India is home to the largest number of Asiatic Elephants. They're not only a part of our natural wildlife but also hold an elevated status in Hindu and Buddhist traditions. Like the cow, the elephant is also worshipped in South Asian countries. But behind the veils of deification, the mighty animals face a lot of violence and torture in the name of tradition.
Elephants are social and nomadic animals that move through large traditional home ranges to known sources of food and water. Sadly, the forests they once knew have turned into tea gardens and paddy fields, or have been submerged by dam construction or devastated by mines. A number of them get captured for religious purposes and trained brutally like the ritual worship in Guruvayur temple, Kerala which owns more than 60 elephants or are killed by poachers for ivory.
Despite all this, one of the greatest threats to elephant conservation in this era is the problem of human-elephant conflict. Where elephants previously had large tracts of forest land that they could traverse, there are now concrete jungles. Fragmentation in the paths of elephant routes means that they come in contact with human settlements while they are migrating. In India, there are many areas where people are living directly in the paths of elephant herds. This confrontation between humans and wilderness often results in damage to property and loss of life.
There's also an entire business model based on elephants. Mahouts, (elephant riders) train their captive elephants and use them for rides, performances and ritual worship. Their livelihoods depend on these animals and because of their size, which can be threatening, elephants go through torturous training periods to be tamed. They're isolated and live in horrid conditions since mahouts barely earn enough to feed their own families.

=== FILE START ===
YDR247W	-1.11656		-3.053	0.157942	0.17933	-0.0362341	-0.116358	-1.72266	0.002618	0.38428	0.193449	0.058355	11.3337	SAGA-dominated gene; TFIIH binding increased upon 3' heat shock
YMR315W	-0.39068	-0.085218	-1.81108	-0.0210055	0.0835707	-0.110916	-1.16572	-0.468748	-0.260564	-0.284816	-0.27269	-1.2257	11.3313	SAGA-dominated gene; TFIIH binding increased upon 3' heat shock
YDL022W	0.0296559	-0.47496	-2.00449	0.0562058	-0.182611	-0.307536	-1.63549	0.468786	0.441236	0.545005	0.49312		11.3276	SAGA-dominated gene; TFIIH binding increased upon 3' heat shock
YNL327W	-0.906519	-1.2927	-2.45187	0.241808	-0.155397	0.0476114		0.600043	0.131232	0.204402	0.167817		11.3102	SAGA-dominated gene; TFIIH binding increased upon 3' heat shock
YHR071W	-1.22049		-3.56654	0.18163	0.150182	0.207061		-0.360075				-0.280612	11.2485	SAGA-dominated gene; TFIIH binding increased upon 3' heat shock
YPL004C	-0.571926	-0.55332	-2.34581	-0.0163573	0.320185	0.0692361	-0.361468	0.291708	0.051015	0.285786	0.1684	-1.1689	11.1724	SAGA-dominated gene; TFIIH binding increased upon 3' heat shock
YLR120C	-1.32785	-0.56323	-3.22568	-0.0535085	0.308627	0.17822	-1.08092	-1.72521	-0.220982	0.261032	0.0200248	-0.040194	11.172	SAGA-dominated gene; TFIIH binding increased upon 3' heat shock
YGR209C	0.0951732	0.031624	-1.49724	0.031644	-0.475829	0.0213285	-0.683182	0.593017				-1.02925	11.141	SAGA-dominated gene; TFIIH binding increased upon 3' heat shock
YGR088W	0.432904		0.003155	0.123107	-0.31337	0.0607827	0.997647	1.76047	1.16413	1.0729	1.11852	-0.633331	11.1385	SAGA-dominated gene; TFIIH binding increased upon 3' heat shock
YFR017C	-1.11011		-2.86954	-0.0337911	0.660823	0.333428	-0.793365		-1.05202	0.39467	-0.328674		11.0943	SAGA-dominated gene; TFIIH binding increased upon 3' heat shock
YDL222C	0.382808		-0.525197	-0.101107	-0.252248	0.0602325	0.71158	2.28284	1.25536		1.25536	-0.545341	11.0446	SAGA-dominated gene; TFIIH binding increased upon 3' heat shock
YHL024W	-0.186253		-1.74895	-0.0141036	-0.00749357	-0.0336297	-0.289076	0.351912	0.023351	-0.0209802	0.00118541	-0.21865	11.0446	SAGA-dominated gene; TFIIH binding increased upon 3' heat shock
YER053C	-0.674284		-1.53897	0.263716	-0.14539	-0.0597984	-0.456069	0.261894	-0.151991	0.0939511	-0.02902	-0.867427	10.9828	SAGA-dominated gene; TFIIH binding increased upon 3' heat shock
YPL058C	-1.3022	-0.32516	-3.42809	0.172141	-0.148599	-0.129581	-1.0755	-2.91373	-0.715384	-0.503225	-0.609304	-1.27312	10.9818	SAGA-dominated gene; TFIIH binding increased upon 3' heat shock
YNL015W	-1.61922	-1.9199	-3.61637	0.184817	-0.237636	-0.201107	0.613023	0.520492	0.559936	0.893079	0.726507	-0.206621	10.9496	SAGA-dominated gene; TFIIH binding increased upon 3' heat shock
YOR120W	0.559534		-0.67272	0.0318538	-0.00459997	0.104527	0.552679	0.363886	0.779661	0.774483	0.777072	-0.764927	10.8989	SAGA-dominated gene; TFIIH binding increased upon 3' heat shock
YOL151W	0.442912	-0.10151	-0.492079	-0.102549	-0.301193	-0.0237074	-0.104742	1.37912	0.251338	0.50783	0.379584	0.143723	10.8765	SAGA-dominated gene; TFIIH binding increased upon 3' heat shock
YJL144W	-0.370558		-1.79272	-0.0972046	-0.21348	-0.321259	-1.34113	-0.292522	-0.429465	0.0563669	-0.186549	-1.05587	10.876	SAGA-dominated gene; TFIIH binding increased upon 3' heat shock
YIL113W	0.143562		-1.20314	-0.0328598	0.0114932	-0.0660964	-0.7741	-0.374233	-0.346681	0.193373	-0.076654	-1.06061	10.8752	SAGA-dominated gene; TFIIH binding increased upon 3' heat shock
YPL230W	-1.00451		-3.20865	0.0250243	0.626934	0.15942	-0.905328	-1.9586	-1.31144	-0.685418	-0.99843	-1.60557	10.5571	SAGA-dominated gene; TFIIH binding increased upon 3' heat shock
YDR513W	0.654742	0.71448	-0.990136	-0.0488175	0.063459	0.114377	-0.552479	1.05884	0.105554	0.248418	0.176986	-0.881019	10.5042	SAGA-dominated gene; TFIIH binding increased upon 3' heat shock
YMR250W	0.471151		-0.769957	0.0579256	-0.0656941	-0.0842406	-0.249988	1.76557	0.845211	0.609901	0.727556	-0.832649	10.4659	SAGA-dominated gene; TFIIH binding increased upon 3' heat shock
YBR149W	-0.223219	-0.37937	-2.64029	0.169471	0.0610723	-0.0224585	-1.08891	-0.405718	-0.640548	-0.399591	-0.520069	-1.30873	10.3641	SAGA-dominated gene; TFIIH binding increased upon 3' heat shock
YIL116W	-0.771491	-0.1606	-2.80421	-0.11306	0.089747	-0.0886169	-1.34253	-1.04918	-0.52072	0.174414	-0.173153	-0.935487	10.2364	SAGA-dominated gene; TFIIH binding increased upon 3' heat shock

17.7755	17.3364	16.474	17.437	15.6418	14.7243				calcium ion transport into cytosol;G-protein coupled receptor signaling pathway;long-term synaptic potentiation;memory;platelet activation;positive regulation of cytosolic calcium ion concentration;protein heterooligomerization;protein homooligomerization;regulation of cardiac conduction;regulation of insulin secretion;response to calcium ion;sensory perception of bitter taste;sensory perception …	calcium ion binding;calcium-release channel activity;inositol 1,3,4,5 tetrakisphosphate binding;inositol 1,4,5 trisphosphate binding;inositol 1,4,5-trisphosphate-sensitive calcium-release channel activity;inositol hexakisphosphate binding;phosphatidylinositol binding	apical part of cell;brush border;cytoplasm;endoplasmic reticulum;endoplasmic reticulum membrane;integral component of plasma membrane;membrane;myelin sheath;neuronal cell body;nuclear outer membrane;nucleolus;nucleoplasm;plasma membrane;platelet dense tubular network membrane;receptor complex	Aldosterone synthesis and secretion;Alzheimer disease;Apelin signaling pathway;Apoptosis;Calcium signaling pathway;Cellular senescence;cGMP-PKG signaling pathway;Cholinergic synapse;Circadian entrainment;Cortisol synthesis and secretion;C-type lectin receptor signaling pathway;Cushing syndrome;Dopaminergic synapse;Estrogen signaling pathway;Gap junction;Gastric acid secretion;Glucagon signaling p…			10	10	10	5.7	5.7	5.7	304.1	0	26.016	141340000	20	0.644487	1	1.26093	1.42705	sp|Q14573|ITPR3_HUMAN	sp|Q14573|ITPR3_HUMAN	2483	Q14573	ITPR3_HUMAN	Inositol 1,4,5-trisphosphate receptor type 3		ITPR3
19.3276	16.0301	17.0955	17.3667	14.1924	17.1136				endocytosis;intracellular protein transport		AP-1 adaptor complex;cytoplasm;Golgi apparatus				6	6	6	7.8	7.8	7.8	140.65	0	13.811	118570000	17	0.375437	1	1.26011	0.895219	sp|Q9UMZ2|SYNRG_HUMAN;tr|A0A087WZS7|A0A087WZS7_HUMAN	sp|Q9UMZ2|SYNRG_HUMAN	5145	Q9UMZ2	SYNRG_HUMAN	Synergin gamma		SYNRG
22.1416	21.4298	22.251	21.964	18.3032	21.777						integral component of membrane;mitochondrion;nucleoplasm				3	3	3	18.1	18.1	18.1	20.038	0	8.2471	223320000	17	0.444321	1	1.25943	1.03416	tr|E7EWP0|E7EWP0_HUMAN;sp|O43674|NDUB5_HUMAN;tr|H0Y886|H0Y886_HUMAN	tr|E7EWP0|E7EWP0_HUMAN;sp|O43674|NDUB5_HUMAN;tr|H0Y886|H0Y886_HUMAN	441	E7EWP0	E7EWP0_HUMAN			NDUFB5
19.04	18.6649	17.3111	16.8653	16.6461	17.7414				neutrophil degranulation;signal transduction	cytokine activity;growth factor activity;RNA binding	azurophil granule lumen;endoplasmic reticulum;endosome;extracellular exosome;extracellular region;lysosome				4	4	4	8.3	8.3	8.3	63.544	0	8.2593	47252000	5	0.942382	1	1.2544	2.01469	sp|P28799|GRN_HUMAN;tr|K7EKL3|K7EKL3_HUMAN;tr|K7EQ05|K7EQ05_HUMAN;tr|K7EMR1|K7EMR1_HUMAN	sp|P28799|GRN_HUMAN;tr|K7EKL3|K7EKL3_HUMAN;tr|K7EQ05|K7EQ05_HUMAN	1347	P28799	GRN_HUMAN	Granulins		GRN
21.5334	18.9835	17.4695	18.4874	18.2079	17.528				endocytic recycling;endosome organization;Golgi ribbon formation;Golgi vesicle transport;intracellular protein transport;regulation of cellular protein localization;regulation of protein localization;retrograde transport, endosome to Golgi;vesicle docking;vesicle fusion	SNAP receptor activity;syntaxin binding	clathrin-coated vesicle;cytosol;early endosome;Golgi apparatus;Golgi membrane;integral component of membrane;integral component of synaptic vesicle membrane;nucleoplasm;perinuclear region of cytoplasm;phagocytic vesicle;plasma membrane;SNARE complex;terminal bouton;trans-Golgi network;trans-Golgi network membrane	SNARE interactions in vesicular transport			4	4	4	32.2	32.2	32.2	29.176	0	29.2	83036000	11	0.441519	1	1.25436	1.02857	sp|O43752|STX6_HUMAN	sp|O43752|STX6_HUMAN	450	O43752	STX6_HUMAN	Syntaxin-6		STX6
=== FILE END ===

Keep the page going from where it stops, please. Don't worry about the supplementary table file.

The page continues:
However, there are still some positive stories of good relationships between elephants and their caretakers, as shown in Kartiki Gonsalves' Oscar-nominated documentary, 'The Elephant Whisperers'. It narrates the story of Bomman and Bellie, a middle-aged couple who belong to the indigenous Kattunayakan tribe, and their heartwarming relationship with the baby elephant Raghu and later with Ammu, another calf elephant. The film sheds light on the loving relationship between the couple and the baby elephants, whom they care for as if they were their own children; building a deep emotional connection with the lovable jumbos.
Institutions like the Mahouts Elephant Foundation are on a mission to rescue elephants from mahauts and compensate them or work with them to facilitate a humane, symbiotic partnership with elephants. Since there has been a massive loss and fragmentation of forest areas where elephants could roam free, the only way they can live peacefully now is with the help of human beings that understand and value the animals and don't harm them for their own gain. What's needed is a softer approach for a conflict-free relationship and to put into practice the same love we say we have for these giants, intelligent, and gracious animals.